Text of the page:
Tuesday, September 09, 2014

Ray Rice, Power, and Domestic Violence in the NFL

Rape, now more commonly called sexual assault, is the end and the beginning of many things. It can be the end of innocence and trust, for as long as it takes to recapture that, and the beginning of guilt, shame, fear, sexual problems, infertility, mental and physical illnesses, isolation, and more.

Tearing it apart, the perpetrator overpowers a victim, a person who protests, and having more power over this person, commits a crime of passion, of sorts, Those cries of "No, I don't want you to . . ."  (do whatever it is that is objectionable at the time) are overruled by brute force.

We tend to think of a sexual assault perpetrator as larger-than-life, stronger than your average Joe, but more often than not, he's not. Sometimes he's the person you would never suspect, might even respect (think of teachers). When the suspect is a professional football player he is stronger, indomitable.

Six years ago sexual violence was outed in the NFL.  Ben Roethlisberger, accused of numerous sexual assaults settled one of them, a casino incident. Stories like this are buried, no surprise.  If you want access to our locker rooms for your sports column, you had better make this one die of natural causes.

Now we have Ray Rice beating his wife to unconsciousness. And nobody is burying anything.

Strangely enough, before I saw the infamous clip, public since February (!), I was watching highlights of Monday night football and came to a crazy conclusion.  That athletes brush off tackles and crashes to the head is astounding. These people are stupefying, superhuman. Inhuman, brushing off falls that would put most of us out of commission for weeks. How does a person endure so much physical abuse and still pop back up and play ball?* Players learn to endure pain, is the answer, and it is admirable.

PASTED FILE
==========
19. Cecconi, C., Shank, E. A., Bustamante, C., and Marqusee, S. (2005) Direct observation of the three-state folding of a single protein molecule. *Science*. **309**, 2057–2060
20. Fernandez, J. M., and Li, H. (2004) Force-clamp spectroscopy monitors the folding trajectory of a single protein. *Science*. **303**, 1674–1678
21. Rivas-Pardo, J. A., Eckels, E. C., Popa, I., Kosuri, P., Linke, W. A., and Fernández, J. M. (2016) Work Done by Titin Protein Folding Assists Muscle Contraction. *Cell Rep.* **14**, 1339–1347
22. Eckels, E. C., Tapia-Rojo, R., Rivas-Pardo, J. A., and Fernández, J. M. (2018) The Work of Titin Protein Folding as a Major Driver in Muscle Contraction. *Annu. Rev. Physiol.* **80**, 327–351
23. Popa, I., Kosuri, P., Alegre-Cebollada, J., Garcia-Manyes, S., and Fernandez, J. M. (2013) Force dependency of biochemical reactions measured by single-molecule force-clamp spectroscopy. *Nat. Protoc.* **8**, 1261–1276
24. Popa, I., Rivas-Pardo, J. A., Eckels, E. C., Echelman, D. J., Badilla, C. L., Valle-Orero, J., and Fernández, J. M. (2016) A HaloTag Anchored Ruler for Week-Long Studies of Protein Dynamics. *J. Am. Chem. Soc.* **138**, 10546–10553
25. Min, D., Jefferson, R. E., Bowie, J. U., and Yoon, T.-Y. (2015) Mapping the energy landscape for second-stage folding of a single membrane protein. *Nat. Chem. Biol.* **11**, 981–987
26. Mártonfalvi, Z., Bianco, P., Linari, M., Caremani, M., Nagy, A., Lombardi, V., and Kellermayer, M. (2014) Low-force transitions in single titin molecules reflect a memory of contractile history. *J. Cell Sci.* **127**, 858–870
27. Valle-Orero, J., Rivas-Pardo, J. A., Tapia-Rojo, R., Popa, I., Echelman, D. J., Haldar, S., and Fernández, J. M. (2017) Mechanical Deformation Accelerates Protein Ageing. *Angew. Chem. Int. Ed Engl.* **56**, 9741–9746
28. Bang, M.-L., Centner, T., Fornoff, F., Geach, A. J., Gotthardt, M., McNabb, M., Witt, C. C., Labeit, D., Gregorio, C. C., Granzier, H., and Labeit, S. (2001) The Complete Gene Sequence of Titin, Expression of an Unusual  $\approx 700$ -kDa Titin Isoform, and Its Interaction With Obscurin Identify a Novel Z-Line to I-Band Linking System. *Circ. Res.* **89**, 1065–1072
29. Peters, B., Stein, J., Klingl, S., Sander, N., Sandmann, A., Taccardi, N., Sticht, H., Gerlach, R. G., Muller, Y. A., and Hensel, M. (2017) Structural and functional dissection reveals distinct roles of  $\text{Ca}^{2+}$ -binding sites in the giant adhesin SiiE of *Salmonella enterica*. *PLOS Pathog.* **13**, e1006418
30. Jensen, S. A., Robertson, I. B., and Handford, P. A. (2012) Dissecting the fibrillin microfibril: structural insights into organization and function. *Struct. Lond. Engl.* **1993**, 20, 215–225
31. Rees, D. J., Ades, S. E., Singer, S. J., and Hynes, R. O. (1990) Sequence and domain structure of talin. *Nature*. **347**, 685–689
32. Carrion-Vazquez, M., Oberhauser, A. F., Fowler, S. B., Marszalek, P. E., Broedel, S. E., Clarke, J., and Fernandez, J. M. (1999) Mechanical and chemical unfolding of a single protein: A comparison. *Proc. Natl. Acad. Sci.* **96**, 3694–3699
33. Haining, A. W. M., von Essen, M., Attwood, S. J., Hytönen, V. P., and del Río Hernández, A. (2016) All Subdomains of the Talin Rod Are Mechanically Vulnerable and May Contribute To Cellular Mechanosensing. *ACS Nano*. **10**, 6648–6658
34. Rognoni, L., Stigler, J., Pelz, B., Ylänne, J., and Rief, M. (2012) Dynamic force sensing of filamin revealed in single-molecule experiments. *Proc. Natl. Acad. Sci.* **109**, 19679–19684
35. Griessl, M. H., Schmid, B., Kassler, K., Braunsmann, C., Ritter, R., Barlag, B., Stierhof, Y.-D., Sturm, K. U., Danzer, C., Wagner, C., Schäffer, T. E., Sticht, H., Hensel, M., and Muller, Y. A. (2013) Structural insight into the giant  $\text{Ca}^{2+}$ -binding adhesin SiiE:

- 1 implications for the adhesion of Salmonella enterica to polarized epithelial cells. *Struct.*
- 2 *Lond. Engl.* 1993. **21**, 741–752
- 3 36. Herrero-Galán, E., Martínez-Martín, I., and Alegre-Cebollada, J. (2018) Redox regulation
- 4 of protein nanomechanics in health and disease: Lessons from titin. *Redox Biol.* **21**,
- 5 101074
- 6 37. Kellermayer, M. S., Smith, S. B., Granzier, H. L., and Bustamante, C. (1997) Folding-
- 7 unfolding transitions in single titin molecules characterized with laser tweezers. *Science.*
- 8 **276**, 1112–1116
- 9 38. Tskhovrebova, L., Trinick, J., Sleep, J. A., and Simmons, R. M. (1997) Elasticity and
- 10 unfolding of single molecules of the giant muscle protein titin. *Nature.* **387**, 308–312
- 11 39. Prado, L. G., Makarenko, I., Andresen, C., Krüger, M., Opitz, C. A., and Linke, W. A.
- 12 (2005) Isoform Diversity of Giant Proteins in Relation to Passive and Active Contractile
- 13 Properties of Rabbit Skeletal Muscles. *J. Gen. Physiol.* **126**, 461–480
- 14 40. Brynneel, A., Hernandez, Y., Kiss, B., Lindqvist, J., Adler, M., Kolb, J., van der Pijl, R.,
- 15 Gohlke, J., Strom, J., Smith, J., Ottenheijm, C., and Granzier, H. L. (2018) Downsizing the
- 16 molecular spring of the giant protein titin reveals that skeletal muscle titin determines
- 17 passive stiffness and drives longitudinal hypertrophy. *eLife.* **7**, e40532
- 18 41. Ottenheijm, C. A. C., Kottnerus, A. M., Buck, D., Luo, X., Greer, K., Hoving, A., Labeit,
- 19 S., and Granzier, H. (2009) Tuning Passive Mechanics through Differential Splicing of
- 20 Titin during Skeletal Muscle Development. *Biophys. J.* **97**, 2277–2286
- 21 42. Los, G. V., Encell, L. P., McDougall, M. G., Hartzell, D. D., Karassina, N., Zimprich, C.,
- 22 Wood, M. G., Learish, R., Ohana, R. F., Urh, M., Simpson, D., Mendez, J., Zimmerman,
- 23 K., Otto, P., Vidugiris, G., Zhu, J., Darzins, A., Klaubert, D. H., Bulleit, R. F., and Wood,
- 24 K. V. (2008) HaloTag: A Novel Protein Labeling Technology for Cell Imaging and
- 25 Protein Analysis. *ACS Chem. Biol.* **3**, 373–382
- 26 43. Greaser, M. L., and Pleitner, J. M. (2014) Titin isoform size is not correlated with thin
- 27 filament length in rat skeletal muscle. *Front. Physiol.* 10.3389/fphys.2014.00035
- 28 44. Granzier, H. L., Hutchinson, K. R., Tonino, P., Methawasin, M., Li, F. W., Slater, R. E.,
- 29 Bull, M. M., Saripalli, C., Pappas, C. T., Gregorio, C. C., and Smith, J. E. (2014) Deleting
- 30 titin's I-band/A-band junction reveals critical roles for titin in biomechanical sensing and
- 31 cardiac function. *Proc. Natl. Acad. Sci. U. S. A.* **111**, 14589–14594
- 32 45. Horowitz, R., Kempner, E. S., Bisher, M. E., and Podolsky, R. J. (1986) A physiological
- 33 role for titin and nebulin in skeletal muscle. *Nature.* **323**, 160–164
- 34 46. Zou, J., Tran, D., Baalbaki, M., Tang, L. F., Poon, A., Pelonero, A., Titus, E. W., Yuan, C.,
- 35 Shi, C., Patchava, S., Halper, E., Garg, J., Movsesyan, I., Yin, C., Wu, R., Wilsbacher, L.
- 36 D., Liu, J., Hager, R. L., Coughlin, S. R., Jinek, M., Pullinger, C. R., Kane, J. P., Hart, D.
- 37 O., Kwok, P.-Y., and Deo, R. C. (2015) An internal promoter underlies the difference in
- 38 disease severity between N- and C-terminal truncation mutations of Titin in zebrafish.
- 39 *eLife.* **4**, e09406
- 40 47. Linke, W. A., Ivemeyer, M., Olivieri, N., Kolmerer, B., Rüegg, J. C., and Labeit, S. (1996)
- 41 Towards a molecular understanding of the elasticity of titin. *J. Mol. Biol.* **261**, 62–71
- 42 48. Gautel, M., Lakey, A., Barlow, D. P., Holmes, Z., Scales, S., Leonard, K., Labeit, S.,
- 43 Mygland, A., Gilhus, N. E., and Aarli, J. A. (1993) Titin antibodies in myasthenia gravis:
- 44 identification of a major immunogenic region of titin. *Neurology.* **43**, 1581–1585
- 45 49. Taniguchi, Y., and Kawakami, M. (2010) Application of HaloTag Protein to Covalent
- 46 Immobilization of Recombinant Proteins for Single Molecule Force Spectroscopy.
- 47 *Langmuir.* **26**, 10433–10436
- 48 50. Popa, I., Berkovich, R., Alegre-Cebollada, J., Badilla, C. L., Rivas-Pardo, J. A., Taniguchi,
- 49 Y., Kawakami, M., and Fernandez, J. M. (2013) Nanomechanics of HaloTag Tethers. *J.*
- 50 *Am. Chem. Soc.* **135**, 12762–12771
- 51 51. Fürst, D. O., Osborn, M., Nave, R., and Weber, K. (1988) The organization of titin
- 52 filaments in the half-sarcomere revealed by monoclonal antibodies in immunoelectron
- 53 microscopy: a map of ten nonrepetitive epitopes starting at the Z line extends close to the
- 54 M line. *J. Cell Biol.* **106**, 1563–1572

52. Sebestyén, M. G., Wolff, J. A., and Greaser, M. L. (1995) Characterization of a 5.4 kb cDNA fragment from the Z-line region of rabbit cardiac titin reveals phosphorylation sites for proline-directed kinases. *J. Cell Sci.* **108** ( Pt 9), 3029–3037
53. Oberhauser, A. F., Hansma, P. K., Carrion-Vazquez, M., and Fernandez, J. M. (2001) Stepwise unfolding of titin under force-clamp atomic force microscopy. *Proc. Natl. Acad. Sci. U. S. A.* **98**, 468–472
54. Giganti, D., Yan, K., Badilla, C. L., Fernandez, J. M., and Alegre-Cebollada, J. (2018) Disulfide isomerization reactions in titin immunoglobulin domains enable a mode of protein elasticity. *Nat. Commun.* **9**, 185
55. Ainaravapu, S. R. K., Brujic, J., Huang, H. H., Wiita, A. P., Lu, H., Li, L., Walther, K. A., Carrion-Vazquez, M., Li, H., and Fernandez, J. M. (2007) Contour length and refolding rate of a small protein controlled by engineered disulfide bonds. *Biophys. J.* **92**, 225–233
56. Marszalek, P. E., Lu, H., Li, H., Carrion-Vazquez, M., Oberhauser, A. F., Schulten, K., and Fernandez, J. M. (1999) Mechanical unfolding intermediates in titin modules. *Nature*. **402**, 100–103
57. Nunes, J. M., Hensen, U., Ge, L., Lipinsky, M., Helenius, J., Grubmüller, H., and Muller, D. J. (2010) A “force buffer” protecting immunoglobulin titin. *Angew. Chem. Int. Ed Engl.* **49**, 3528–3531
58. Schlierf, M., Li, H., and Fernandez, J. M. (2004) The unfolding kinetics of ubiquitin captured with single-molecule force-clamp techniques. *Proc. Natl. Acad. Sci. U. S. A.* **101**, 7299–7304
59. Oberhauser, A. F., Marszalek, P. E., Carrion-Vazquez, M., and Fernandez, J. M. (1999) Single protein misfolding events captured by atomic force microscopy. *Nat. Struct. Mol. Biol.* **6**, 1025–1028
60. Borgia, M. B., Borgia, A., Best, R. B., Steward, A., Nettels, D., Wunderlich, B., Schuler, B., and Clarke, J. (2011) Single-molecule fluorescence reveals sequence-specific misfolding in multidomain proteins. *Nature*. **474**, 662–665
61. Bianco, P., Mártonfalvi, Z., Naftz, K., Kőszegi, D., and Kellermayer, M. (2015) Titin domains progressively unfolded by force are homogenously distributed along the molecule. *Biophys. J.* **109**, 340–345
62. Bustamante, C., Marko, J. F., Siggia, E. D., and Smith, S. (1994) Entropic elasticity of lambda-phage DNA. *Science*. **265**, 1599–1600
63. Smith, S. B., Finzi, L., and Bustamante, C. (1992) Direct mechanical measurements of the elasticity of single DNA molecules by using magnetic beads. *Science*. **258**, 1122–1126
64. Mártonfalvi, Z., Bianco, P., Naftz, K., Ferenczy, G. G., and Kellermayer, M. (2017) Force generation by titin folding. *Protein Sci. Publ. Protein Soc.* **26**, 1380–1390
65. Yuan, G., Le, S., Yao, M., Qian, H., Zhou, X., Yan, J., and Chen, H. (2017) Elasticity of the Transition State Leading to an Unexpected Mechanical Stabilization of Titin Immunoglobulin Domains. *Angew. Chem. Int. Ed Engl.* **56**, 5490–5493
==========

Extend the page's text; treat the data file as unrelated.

But here's the point:  Maybe they project that invulnerability onto others, assume we ordinary mortals can take physical abuse, too. There are other explanations, from poor family and peer role models to the narcissism learned as a child, treated special, always, as a potential star. Groomed for college ball and maybe the NFL, women and cars, hotels and alcohol, are assumed. Those courses on ethics are skipped, too boring.  And maybe men like Ray Rice actually are fooled into thinking that women like his fiance can take a wallop on the head, like he can.

Ray Rice needs to know what it is that happened there in the elevator, decking his wife with one blow, dragging her seemingly lifeless body from the elevator floor to the corridor. He is probably as surprised as any of us, and yet, it is unlikely this is his first physical altercation. His father died when he was one year old, shot dead. John Clayton:

"I faced a lot of adversity," Rice (told me once by phone), "and I had to be a man real young.".

The NFL response? New policies are in the works that will (surely) reduce violence perpetrated by players. That is the intent.

Not everyone agrees that the new policies will be enough. Certainly not those of us who work with victims and perpetrators. It is changing personality we are talking about: impulse control, narcissism, and empathy, and a different defiintion of manhood. A year in therapy is a start, but education, workshops, testimonies from survivors of assault, so many that the words of survivors are predictable, this type of exposure is what these very large men, players like Ray Rice need. Even with those workshops there will be sociopathic players who feel they are above being told what to do and what not to do, what is expected of them as human beings, members of the human race.

Social workers approached Roger Goodell, the commissioner of the NFL, with assault prevention workshops years ago. As anti-violence experts, we received polite applications. Fill these out. Let us know your plan. We'll get back to you. Don't call us. . .We'll call you.

Something tells me the applications hit the waste basket pretty quick.


 *Players aren't actually superhuman, and they know it. Concussions, many of them, are an occupational hazard. The self-abuse of a life-time in sports is future-changing, predicts a difficult retirement. Cognitive functioning, you know, is a terrible thing to waste.  I hope Janay Palmer is okay.